At some point I looked to my right and asked Michelle to tell me I was crazy, to grab the steering wheel from me and whip us into a U-turn headed for home. She looked at me with her calm, reassuring smile and said "This is awesome" and other affirmations like "you're not crazy, you're doing the right thing." I smiled in agreement but deep in my heart there was still the angst of leaving everyone and everything I loved to head into a city where I was nonexistent, had no home, no job, and less than a handful of friends.

We drove all night through the giant expanse, the sky lit up like glitter blown on black velvet, by the millions of stars shining down and guiding our path. I rolled down the windows to let the fresh desert air whip through my hair wildly--it kept my eyes open and focused on the journey. My head was heavy with "what if" and "what am I going to do." I remember pulling over to grab 45 minutes of sleep at a tourist stop and waking to the fiery glow of sunlight cast across the Arizona desert as the sun crept over the mountains on the distant horizon. You'll never see such a beautiful or more peaceful thing than this. I remember thanking God in those moments for the excitement that was happening in my life. I remember feeling peace and knowing this was good.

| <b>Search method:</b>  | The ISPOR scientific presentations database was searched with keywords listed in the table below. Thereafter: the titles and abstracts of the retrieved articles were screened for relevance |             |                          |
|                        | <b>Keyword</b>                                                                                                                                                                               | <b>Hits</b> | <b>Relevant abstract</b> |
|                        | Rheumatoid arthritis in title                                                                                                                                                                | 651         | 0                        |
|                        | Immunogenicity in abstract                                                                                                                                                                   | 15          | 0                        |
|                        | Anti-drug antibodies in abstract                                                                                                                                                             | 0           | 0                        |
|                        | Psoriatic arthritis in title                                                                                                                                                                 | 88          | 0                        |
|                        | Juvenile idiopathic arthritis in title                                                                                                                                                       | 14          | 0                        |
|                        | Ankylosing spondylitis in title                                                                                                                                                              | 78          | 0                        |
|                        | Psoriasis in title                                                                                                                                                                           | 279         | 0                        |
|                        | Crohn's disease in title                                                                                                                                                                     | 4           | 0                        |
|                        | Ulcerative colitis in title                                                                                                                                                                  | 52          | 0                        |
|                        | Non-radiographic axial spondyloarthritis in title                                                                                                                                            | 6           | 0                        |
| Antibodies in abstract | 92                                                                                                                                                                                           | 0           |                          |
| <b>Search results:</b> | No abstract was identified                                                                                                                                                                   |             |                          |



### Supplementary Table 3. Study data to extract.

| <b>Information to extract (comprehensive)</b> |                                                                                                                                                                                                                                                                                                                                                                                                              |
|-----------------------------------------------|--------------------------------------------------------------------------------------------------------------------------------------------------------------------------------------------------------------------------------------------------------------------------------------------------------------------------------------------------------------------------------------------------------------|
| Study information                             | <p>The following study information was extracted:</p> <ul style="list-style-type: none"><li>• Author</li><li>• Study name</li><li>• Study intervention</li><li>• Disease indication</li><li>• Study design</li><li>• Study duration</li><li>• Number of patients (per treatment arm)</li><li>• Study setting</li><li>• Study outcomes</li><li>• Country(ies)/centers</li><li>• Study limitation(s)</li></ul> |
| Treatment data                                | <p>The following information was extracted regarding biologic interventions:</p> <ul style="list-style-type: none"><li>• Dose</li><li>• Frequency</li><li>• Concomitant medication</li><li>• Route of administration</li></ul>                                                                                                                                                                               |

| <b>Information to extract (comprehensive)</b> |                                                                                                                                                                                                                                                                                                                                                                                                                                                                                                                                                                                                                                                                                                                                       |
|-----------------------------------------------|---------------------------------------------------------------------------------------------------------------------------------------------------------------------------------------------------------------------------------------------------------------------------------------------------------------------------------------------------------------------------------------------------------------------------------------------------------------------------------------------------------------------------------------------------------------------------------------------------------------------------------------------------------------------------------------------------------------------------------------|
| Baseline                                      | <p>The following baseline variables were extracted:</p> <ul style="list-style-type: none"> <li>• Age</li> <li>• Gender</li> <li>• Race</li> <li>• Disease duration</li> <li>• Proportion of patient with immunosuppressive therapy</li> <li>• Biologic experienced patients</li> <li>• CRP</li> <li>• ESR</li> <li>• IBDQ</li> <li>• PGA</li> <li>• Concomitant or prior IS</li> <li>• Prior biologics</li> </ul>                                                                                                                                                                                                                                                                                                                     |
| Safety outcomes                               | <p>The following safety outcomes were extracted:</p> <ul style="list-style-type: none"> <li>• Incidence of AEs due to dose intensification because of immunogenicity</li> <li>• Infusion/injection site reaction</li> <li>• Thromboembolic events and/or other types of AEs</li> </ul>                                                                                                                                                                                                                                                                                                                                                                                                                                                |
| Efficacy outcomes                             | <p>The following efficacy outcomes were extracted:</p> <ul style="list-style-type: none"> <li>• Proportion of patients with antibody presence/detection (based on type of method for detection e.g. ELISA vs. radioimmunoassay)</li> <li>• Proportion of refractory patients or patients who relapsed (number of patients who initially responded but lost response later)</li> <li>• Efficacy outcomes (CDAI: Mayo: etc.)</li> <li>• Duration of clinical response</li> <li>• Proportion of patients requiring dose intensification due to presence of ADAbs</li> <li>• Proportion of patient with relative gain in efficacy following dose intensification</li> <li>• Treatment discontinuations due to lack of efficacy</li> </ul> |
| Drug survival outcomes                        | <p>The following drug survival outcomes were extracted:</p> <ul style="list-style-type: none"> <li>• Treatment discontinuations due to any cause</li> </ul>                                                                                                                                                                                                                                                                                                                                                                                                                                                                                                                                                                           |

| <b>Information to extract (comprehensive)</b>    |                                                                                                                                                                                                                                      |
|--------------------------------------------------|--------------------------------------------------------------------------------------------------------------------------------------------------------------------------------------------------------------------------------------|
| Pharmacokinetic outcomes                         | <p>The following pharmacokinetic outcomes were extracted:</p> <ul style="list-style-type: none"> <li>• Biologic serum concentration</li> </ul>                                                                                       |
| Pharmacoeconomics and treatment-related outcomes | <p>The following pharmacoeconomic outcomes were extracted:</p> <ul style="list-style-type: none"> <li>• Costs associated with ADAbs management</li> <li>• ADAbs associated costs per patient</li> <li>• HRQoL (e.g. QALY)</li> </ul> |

Early that day we pulled out of the desert and into the mountains which lie on the outskirts of the city that would be my new home. I took a deep breath. I was there. It was time to take this challenge on full force. One day at a time, because that's all I could do. I had no plans. I had no goal. I just had to keep moving--to do something.